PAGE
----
better, more energized. I’ve watched this happen and it’s such a beautiful thing
and five days is not long. Right. I was just going to… I just did
25 days on the adrenal, thyroid and it was very strict but…
now I could do five days any time. No big deal.
– Yeah. It’s been really fun. It’s four
years I’ve been doing this and I service about 100 people a month. I get to cook for them and deliver
this food for them for five days and it is filled with love
and nourishment. It’s all organic and just,
it’s how I love to eat as well. I don’t think we get enough love
and nourishment in our food either. That’s another thing. I remember interviewing Dana James. Yes, I love her. About her book, the Archetype Diet,
talking about the vibrational frequency of, first of all, different colors
of food, like ROYGBIV and we know the different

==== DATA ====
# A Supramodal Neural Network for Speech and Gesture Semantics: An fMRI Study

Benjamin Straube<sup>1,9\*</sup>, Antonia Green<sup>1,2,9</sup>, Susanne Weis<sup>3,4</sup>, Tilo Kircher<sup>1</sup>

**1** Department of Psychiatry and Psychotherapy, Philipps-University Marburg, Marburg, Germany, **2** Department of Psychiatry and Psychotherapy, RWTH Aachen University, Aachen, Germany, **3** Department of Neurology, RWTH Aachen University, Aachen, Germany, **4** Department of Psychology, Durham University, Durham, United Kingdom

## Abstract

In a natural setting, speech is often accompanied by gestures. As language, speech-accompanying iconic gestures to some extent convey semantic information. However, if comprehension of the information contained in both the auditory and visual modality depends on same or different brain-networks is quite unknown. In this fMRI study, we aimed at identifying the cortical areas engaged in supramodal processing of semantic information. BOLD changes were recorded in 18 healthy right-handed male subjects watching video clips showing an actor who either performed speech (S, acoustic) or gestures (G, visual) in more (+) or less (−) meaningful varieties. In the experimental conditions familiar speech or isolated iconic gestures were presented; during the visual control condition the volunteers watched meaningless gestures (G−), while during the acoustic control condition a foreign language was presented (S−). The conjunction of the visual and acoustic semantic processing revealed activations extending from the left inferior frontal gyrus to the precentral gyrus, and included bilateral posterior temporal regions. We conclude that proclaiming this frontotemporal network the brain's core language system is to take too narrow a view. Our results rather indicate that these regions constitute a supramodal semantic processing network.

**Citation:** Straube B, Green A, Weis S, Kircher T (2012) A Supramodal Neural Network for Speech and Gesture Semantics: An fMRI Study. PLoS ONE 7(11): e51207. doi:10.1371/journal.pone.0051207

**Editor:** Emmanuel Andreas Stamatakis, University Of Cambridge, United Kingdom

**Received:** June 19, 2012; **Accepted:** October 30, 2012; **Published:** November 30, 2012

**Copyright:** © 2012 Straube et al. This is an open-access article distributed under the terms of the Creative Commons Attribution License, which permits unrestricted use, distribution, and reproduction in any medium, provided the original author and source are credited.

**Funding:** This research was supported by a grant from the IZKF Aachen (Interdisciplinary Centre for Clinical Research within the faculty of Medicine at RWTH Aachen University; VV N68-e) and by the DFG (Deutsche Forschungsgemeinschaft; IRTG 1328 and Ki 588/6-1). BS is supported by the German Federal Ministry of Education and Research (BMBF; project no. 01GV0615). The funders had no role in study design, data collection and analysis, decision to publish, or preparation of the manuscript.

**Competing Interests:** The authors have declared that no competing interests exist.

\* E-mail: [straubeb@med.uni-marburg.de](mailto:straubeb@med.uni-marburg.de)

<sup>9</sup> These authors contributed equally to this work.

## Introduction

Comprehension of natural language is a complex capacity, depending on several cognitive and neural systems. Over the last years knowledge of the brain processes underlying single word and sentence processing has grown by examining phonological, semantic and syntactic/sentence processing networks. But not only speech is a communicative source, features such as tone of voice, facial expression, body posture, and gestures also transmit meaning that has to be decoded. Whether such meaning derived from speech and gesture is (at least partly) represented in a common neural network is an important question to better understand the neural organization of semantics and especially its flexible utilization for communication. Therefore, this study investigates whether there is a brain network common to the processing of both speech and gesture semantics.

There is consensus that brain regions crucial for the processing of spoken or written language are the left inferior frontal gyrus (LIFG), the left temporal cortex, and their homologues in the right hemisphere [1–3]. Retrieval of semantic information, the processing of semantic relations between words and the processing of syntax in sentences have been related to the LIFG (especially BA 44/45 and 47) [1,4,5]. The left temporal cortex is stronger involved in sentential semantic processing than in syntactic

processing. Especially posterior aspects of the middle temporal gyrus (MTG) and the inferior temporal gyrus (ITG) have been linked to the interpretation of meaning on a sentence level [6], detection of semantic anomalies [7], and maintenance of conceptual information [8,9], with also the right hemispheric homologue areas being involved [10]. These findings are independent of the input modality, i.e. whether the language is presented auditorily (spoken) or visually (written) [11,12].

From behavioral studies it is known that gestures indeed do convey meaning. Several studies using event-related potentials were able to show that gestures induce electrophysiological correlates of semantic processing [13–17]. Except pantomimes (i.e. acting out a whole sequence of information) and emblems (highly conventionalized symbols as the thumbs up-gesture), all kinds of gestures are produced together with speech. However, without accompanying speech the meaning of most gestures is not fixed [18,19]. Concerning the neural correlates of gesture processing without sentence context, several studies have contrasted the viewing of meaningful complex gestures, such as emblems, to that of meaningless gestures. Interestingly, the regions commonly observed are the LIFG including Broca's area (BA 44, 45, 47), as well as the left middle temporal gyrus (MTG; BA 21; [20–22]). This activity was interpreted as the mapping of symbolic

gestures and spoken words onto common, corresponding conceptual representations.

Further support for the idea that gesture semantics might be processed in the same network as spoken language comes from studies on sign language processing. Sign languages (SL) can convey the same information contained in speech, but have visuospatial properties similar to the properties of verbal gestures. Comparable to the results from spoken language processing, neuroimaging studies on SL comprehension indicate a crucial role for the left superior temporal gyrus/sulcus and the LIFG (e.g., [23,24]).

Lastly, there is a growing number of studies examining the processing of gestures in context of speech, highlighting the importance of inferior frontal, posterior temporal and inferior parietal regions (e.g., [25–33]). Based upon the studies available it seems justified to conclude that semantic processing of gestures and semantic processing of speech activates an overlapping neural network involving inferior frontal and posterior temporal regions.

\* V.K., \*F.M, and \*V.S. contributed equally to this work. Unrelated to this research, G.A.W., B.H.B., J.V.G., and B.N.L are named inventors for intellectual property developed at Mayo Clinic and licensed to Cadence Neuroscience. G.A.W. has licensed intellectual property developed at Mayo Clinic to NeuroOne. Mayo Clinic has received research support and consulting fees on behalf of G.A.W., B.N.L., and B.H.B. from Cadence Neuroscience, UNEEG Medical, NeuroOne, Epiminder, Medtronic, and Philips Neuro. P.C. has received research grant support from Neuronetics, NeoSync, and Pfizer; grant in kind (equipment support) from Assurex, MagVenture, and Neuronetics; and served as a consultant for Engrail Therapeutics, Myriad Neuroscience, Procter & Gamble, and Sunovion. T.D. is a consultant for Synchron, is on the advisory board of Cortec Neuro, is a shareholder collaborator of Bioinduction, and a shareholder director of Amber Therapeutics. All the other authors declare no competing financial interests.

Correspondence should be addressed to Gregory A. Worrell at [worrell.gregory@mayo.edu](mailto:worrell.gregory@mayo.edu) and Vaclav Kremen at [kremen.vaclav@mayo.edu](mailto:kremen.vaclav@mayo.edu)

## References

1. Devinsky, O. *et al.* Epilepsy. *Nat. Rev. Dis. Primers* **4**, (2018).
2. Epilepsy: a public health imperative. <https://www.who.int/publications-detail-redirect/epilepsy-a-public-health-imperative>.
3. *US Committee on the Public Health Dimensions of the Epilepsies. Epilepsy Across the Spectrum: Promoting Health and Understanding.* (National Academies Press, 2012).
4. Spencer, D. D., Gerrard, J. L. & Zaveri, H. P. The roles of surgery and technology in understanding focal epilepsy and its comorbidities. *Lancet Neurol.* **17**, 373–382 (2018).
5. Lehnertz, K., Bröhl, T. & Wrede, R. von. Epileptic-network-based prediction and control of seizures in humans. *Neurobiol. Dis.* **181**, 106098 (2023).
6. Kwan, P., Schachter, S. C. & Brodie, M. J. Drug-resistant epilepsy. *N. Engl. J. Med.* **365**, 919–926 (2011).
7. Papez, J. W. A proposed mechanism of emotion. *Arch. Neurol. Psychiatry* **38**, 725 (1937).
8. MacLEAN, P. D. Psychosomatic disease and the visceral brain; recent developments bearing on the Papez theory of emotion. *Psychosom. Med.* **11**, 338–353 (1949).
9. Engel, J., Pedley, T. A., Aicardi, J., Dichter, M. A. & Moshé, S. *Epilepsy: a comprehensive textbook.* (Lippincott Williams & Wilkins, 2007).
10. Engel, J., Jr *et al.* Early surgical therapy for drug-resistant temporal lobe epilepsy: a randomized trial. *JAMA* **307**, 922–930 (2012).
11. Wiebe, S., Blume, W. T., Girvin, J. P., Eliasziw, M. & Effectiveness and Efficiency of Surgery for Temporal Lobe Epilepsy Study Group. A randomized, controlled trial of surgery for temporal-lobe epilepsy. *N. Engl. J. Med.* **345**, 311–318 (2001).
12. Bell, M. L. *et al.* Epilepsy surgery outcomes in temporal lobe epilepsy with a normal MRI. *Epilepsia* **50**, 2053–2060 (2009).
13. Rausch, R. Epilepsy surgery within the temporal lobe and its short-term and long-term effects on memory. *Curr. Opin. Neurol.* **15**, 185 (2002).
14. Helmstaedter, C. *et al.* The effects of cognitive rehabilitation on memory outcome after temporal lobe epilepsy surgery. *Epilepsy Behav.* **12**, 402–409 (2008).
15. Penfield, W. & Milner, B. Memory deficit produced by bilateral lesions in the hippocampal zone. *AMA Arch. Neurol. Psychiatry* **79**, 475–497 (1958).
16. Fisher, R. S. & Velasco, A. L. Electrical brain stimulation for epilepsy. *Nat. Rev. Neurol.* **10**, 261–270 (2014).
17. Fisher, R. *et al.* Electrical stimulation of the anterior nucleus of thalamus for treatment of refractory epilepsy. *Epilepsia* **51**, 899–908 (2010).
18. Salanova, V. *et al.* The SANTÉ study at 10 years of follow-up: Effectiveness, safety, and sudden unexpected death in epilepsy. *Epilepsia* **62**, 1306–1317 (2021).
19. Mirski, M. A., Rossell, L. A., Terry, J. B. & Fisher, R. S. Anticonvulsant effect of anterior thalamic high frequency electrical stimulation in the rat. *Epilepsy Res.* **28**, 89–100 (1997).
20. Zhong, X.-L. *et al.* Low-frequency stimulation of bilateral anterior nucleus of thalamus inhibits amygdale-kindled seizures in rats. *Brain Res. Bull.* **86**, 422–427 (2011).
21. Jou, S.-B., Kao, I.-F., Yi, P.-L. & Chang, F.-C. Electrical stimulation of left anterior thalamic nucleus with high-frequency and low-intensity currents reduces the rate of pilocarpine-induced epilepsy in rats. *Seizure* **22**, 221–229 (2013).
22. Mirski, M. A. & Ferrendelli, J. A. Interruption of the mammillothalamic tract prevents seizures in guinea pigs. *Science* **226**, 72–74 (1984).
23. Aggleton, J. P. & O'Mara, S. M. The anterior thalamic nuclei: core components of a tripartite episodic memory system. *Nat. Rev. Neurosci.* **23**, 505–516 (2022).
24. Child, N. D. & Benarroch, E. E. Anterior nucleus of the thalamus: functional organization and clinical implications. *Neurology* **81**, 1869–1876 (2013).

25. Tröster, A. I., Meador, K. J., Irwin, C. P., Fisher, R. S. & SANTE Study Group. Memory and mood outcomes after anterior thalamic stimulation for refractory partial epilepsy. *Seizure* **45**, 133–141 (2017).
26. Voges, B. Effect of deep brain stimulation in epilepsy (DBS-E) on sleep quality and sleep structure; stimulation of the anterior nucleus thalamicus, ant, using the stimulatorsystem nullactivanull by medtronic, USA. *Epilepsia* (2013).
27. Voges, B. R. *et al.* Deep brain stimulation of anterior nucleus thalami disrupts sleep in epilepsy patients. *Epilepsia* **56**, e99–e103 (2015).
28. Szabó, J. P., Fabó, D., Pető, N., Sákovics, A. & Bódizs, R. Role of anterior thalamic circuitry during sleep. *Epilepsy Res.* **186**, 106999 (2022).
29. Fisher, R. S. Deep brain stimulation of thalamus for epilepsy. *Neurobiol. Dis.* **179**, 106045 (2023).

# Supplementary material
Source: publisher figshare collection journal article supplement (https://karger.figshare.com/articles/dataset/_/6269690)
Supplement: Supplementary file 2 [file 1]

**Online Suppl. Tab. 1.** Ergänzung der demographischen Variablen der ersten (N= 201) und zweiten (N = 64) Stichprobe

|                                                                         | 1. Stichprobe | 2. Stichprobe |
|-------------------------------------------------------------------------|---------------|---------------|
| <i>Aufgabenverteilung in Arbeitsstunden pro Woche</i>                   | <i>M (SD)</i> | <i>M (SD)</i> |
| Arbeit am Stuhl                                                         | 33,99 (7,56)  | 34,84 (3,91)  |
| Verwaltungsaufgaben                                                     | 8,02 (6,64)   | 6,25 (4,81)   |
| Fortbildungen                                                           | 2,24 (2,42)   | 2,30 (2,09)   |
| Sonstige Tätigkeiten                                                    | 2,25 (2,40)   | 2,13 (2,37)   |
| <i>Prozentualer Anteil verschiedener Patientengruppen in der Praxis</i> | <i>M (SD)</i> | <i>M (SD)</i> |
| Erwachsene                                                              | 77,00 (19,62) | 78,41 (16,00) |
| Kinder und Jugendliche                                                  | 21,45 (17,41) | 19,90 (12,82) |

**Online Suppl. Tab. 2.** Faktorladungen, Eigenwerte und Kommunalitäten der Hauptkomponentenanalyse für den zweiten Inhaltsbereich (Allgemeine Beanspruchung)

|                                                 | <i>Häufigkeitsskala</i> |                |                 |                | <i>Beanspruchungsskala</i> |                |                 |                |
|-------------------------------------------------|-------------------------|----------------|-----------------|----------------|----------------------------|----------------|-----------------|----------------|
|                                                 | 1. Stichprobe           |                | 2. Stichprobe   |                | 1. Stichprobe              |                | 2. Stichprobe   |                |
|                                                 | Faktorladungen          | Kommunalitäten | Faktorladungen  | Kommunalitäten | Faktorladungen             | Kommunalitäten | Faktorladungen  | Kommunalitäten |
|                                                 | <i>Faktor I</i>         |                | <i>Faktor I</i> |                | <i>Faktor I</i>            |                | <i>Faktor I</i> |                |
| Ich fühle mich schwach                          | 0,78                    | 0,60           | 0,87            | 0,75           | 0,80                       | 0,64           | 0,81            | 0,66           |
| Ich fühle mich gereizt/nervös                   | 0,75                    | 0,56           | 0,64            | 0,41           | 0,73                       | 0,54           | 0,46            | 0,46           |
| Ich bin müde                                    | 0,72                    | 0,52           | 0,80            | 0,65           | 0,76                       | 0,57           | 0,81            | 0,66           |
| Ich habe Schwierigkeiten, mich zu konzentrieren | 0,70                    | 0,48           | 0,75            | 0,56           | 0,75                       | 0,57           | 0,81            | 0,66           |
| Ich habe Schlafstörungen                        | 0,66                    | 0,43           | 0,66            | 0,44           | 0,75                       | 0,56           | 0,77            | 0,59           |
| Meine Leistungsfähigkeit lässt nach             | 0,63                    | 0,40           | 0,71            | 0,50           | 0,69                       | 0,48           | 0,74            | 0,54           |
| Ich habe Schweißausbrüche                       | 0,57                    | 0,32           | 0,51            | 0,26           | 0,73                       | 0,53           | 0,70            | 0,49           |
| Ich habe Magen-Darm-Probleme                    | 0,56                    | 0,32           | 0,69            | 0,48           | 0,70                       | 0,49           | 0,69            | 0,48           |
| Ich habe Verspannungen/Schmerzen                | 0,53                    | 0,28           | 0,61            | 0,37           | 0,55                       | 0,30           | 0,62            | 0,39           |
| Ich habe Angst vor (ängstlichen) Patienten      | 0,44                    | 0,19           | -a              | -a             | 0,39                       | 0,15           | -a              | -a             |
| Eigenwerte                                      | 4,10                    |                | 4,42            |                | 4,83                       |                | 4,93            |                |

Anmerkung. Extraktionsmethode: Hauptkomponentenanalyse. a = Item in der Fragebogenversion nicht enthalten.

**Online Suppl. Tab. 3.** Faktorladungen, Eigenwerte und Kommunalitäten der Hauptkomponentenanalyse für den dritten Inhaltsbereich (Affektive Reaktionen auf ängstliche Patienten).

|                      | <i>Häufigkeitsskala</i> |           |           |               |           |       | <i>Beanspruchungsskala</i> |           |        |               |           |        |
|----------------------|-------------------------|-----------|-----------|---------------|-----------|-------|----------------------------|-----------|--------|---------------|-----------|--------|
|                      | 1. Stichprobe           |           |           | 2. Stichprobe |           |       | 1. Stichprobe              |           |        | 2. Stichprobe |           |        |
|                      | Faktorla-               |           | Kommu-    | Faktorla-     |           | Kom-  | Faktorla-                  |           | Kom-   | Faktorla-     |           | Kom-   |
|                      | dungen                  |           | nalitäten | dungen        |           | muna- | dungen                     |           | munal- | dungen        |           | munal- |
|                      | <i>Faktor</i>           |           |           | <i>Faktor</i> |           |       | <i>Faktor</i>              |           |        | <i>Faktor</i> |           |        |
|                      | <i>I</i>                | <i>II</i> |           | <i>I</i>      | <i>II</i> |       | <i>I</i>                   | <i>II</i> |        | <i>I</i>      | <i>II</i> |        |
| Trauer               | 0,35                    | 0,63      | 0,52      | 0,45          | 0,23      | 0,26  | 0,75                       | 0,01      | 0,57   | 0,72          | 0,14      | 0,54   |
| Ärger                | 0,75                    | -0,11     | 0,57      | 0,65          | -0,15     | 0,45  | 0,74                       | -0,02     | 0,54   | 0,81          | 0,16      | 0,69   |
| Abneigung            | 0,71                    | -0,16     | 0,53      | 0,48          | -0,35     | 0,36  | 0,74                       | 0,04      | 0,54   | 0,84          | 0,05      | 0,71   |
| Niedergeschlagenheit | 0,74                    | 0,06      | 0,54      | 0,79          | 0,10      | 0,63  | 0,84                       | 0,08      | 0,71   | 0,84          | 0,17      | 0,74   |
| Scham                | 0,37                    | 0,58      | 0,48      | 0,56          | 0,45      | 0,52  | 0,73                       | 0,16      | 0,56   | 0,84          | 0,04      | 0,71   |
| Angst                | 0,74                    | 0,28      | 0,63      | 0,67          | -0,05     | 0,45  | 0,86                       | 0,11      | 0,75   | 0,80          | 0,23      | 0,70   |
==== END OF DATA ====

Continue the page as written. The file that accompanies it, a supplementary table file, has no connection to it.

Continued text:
colors of different frequency and the same is true
for love and food. When something is made for
you with love and attention, somebody who cares for you
and really puts effort into cooking, that has a very different frequency
when you are consuming that food and even through
the digestive process than something that was on a conveyor
belt by somebody you don’t know who might hate his job and
whatever else that might be going on. That was the first time I’d ever really
thought about the vibrational nature of food and you see that trend now
with the Marie Kondo stuff and just the vibrational nature of
your home and is it filled with love? Do you love the things that you have?
Are they just causing you more stress? Or have you not even
just thought about it? You just have stuff and it’s neither you
love it or you hate it or it’s just there. Taking up space. Exactly. Same thing with food.
– Same thing with food. I know. Like, are you eating this because you
absolutely love it and it’s nourishing to you or you’re just like
shoving something in because then you’re about to go to
a meeting and you’ll eat whatever? Right.
I’ve never… Just to fill your body.
– You begin to think so differently about it. The sad thing is we wait
till something happens. We wait till a trauma event happens